Training your eyes to really “see” backgrounds for your pet photos is probably one of the first skills you’ll need to develop as a photographer. The background can make or break your photo, setting the mood and enhancing the overall story.

Let’s chat about two of the main types of backgrounds I like to work with. Read on to learn how (and when) to use each one, and how each can change the vibe of your images.

Open Sky Backgrounds

Example of an open sky background and how it can be used in your pet photos. Sun rays glisten through fluffy clouds with the model featured standing on a rock staring off into the distance.
Example: Open sky backgrounds are perfect for moments like this – the sun’s warm rays shining through the clouds.

As the name suggests, an open sky background features a vast expanse of sky with no trees, or with minimal other obstructions. This background is fantastic for capturing the beautiful colours of dawn or twilight, dramatic clouds, or even rainbows.

When it works:

Open sky backgrounds shine in pet photos when there are interesting sky details to capture, like vibrant sunset hues or stormy clouds, but on grey or bright days, the sky can become a flat, unattractive mass of white, blue, or grey.

This lack of contrast can draw attention away from your pet, so be sure to aways expose your photo for the sky to keep the highlights intact and avoid blowouts.

Solid Backgrounds

Example of a solid background used in a pet photo, showing a blurry, buttery bokeh and a wall of pine trees behind the two models.
Example: In a photo with a tree-filled background, a longer lens will squash the background, turning light spots into beautiful bokeh, enhancing the focus on your pet.

If you’re here because you love dreamy pet portraits with buttery bokeh in gorgeous forests (welcome – you’re in the right place 😌), then solid backgrounds just might be your jam.

Unless you have a specific reason to include the open sky, I find that a solid background can provide a more controlled and often more appealing setting for your pet photos. Solid backgrounds can be trees, bushes, rocks, or even buildings.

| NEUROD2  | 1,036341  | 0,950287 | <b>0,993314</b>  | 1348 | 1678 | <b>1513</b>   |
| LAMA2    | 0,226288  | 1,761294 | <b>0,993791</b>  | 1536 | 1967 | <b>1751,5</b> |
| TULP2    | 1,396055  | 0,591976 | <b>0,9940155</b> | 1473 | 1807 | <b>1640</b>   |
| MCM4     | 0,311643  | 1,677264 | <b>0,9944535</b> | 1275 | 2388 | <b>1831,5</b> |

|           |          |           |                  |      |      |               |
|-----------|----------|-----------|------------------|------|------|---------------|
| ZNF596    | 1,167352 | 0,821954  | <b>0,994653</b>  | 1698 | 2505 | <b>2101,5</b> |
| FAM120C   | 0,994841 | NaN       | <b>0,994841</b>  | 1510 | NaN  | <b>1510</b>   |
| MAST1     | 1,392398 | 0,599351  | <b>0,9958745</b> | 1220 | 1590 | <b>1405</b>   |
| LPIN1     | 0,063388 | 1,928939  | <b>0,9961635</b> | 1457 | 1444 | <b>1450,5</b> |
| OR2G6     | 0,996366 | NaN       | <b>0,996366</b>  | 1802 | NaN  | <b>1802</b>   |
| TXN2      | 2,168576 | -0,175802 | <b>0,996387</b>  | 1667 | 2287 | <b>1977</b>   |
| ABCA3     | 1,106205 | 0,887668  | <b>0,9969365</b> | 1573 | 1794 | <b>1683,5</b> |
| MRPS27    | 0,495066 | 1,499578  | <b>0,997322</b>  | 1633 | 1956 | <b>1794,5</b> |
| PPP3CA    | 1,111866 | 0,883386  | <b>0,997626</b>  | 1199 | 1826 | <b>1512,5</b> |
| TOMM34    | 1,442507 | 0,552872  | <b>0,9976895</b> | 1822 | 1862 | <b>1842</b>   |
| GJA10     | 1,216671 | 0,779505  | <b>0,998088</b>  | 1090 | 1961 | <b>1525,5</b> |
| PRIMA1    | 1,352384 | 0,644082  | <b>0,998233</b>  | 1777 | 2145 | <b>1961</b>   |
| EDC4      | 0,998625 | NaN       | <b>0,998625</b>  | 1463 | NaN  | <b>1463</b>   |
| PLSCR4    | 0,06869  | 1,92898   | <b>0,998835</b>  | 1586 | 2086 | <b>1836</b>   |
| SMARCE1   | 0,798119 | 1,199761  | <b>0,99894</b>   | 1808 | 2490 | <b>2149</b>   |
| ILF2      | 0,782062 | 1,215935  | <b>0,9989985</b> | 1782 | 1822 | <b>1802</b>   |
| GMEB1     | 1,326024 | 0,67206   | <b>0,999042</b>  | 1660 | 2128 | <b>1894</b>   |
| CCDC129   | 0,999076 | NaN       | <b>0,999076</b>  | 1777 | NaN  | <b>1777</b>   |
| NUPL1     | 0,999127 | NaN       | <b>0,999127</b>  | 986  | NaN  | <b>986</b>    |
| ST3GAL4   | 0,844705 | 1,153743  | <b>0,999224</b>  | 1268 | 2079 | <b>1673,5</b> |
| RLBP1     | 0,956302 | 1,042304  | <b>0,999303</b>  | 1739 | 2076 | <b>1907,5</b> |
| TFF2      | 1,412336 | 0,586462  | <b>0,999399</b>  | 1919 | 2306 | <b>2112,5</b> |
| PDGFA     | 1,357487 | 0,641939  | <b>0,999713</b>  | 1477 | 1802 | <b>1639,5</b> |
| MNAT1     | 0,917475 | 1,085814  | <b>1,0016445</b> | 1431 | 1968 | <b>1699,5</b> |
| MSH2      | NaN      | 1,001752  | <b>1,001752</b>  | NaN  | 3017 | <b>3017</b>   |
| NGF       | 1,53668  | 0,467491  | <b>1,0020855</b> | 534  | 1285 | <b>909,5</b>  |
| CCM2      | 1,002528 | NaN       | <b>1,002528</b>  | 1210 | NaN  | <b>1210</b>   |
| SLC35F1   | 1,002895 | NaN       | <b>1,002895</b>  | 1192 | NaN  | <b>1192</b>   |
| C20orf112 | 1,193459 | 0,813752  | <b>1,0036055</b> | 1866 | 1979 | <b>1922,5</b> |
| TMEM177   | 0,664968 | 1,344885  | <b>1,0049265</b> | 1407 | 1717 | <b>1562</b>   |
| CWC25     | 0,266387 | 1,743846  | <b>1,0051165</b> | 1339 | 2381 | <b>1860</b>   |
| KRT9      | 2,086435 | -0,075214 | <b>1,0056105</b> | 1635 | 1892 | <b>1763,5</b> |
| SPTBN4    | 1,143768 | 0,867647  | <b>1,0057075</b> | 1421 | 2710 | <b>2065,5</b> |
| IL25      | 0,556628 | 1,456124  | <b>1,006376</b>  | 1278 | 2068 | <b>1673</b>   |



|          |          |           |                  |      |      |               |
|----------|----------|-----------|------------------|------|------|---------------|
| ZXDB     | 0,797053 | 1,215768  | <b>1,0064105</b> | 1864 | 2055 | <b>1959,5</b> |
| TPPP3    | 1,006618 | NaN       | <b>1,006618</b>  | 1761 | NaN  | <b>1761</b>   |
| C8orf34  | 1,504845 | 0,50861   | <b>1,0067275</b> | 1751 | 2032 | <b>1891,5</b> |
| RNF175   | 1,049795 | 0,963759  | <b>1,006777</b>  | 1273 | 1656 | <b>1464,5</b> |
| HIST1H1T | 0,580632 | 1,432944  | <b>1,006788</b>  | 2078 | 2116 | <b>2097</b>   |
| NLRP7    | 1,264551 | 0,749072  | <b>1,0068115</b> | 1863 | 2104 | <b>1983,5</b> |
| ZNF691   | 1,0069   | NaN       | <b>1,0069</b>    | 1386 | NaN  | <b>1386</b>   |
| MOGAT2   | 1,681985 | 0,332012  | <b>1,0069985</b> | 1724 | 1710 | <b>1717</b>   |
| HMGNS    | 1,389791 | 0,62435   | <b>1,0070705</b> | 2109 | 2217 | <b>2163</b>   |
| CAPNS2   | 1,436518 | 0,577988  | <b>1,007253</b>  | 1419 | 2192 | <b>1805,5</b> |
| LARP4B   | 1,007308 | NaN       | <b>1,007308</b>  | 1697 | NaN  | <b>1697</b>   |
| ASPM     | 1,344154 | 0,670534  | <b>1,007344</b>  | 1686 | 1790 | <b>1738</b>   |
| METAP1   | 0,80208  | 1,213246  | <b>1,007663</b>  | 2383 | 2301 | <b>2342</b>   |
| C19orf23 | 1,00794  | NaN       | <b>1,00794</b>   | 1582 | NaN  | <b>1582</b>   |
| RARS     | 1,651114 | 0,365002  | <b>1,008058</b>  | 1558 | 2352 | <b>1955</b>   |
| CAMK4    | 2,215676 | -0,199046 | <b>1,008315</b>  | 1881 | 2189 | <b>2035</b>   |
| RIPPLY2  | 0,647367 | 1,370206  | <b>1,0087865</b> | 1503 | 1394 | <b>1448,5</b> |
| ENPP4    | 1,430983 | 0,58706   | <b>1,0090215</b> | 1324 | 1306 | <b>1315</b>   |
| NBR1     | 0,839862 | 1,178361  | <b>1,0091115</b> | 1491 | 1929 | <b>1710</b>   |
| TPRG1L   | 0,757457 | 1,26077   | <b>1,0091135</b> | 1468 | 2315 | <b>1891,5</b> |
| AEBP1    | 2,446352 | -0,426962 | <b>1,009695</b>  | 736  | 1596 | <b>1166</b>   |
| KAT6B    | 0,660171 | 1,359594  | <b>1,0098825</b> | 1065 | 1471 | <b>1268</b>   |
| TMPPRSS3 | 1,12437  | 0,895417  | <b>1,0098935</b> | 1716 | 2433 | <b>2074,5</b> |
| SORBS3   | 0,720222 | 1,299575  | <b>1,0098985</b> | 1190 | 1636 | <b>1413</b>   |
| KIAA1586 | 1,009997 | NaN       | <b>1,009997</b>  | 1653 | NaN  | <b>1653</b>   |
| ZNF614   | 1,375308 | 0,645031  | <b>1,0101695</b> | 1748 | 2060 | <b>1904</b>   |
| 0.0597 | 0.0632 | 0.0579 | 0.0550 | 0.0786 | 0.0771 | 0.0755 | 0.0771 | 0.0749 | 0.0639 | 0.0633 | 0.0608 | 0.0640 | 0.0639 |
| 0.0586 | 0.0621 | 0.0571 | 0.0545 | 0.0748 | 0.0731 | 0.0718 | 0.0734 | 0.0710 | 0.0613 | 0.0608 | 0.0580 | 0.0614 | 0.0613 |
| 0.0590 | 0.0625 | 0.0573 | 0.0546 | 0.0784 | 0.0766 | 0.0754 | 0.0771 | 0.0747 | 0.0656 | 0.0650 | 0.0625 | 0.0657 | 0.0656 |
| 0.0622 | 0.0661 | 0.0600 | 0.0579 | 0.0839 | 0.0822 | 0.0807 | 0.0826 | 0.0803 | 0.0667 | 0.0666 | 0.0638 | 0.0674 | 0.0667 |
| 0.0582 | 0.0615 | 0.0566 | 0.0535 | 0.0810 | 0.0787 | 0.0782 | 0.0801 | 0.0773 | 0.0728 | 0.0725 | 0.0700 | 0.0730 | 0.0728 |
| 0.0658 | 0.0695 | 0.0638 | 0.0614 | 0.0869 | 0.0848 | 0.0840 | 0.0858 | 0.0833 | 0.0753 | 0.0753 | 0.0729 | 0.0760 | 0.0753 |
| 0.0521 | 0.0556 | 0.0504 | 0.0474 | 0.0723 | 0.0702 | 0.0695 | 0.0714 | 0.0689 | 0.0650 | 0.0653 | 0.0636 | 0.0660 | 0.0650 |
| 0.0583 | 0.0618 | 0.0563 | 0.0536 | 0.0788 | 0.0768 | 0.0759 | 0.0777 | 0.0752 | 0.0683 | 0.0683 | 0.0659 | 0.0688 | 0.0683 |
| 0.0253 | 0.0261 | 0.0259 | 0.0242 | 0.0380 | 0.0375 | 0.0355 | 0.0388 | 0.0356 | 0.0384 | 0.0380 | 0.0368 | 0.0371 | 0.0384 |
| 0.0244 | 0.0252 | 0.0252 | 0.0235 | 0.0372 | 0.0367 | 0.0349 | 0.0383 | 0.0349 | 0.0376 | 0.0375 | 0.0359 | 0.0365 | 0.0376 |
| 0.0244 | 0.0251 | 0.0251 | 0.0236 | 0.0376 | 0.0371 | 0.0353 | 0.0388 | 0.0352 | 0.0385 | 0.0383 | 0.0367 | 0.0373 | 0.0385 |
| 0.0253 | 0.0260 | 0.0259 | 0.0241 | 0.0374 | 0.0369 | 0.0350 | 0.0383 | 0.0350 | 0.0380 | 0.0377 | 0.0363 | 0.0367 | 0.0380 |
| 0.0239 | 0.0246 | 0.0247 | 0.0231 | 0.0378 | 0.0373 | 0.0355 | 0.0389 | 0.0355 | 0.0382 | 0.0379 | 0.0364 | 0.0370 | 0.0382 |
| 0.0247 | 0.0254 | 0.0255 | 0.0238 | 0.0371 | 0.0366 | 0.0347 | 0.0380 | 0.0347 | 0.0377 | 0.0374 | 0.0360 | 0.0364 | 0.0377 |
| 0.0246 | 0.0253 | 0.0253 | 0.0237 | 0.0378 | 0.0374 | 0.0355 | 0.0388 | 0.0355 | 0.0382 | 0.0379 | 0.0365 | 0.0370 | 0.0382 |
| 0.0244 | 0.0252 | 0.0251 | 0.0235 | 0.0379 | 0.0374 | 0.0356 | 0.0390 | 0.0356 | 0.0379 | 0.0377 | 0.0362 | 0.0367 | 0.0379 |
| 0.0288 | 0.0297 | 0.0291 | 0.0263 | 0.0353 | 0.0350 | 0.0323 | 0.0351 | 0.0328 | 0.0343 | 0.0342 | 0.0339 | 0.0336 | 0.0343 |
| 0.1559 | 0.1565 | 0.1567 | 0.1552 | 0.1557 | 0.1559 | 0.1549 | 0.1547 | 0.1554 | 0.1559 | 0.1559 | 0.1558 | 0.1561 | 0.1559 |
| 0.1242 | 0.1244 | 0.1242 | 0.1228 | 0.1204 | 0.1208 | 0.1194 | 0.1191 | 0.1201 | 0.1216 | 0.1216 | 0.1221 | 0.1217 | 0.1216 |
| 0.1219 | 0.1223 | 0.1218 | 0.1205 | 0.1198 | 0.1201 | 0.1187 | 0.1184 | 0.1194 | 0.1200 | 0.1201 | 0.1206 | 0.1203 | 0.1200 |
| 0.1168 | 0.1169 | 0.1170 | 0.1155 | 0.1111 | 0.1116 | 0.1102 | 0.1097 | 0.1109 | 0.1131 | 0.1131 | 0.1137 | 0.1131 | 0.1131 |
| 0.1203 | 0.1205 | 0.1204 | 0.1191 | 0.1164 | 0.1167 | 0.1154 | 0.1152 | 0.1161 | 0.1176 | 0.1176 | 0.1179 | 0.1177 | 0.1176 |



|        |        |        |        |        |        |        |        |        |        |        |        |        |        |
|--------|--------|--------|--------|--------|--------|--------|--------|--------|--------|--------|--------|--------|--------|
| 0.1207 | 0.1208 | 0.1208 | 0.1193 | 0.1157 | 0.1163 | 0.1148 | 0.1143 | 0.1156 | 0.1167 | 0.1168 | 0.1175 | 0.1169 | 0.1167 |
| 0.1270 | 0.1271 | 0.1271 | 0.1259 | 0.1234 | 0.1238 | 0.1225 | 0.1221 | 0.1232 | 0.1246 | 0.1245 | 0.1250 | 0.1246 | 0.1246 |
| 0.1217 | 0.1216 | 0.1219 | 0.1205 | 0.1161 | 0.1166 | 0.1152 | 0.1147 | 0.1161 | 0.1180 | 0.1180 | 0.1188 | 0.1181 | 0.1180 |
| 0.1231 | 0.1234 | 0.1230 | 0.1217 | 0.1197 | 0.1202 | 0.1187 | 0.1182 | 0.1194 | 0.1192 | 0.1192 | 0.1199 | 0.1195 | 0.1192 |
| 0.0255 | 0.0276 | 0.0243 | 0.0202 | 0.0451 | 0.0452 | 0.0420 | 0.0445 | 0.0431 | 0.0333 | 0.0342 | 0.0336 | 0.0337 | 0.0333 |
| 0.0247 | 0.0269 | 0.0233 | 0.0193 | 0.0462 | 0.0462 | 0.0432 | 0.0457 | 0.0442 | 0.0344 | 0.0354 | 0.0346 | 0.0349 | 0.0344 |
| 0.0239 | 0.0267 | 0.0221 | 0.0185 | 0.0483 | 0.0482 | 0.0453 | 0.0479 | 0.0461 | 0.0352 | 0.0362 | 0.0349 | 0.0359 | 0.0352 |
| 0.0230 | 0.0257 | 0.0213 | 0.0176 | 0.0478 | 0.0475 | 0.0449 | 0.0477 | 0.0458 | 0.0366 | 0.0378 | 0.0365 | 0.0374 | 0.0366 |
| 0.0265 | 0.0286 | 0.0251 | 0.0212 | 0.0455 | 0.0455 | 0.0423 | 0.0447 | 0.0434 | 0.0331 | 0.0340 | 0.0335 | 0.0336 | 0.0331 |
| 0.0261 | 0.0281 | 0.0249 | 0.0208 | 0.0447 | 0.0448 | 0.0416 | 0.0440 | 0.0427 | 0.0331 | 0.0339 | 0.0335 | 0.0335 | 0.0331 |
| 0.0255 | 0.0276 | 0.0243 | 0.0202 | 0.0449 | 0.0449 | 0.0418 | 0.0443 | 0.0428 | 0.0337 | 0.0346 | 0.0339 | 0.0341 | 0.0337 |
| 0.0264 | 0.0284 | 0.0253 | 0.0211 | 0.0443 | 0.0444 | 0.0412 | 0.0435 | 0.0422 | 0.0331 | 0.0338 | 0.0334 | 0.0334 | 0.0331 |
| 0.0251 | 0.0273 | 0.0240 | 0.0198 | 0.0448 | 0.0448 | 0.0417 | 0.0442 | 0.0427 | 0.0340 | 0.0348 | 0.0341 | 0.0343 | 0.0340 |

Things to Consider: Solid Backgrounds in Pet Photos

Solid backgrounds help to block out or filter the sky, adding texture and depth to your photos. The background also has a dramatic influence on the mood of your image.

When working with solid backgrounds, your lens choice will make allllll the difference.

Choose a wider lens to show more of the background with smaller bokeh spots, or a longer lens to compress the background – creating larger bokeh spots and more blur.

Same location, different lenses.

Choosing the Right Background in Your Pet Photos

Selecting the right background for your pet photos involves understanding how different settings will affect your final image. Train your eye to recognise the impact of backgrounds and how they can enhance your subject.

Practical Tips:

  • Always be aware of the background when framing your shot. Use it to help tell your story – don’t try to work against it! Where is the light? What shapes and textures are in the background?
  • Use different lenses to see how they affect the background, blur and bokeh. As with any art, the key is to experiment, experiment, experiment!!!
  • Learn how to adjust your settings based on the background and lighting conditions.

One of the exercises I’ve given my Learning Journey members is a bit of an interactive quiz!

I took some photos of the background in focus, and asked them to try and imagine how the background would look if the dog was in focus.

Have a go! I’ve included an example from the lesson below! 

Ps. My 135mm f/1.8 lens was attached, and I was shooting at f/1.8 This should help you imagine how the background will look. 

DSC04573 DSC04566

Use your phone to see the background as your camera will see it!

Professor Snoot Says: 

One tip we’ve shared in the Learning Journey is to use your phone when out location scouting, exploring, or going for a walk!

Simply put your phone onto camera mode, get down low and point it toward the background you’re wondering about.

Then, hold your finger or your hand up close to the lens, so the phone focuses on your finger.

Due to the depth of field being narrow, it will blur the background, giving you a sense of how it MIGHT look through your lens!

Let me know in the comments below if you use this tip, and how it goes!

The Wrap-Up

Backgrounds play an extremely crucial role in pet photography, setting the mood and enhancing the focus on your model. Take a walk around your local area and see if you can spot (or scout) some open sky and solid backgrounds.

Finding a location with a great background can be extremely challenging, especially for those of you living in more urban or industrialised areas. Over the years I’ve coached loads of budding pet photographers on photo walks and via my Learning Journey memberships, and I’m always recording new “Bitesize Location” and “Location 360” videos to help give my members more tips and tricks for finding great locations for photos. 

If you’re eager to learn more about backgrounds & the impact they have on your photos storytelling, I’ve published hours and hours of lessons on the topic, including in-depth tutorials and workshops to perfecting buttery bokeh – if that’s your thing wink

Getting access is easy, and members have a treasure trove of educational goodies at their fingertips. Simply head over here to get started, and start your own Learning Journey (heh) today!

See you there!

A self portrait of Emily Abrahams pet photographer with her two border collies, holding a camera
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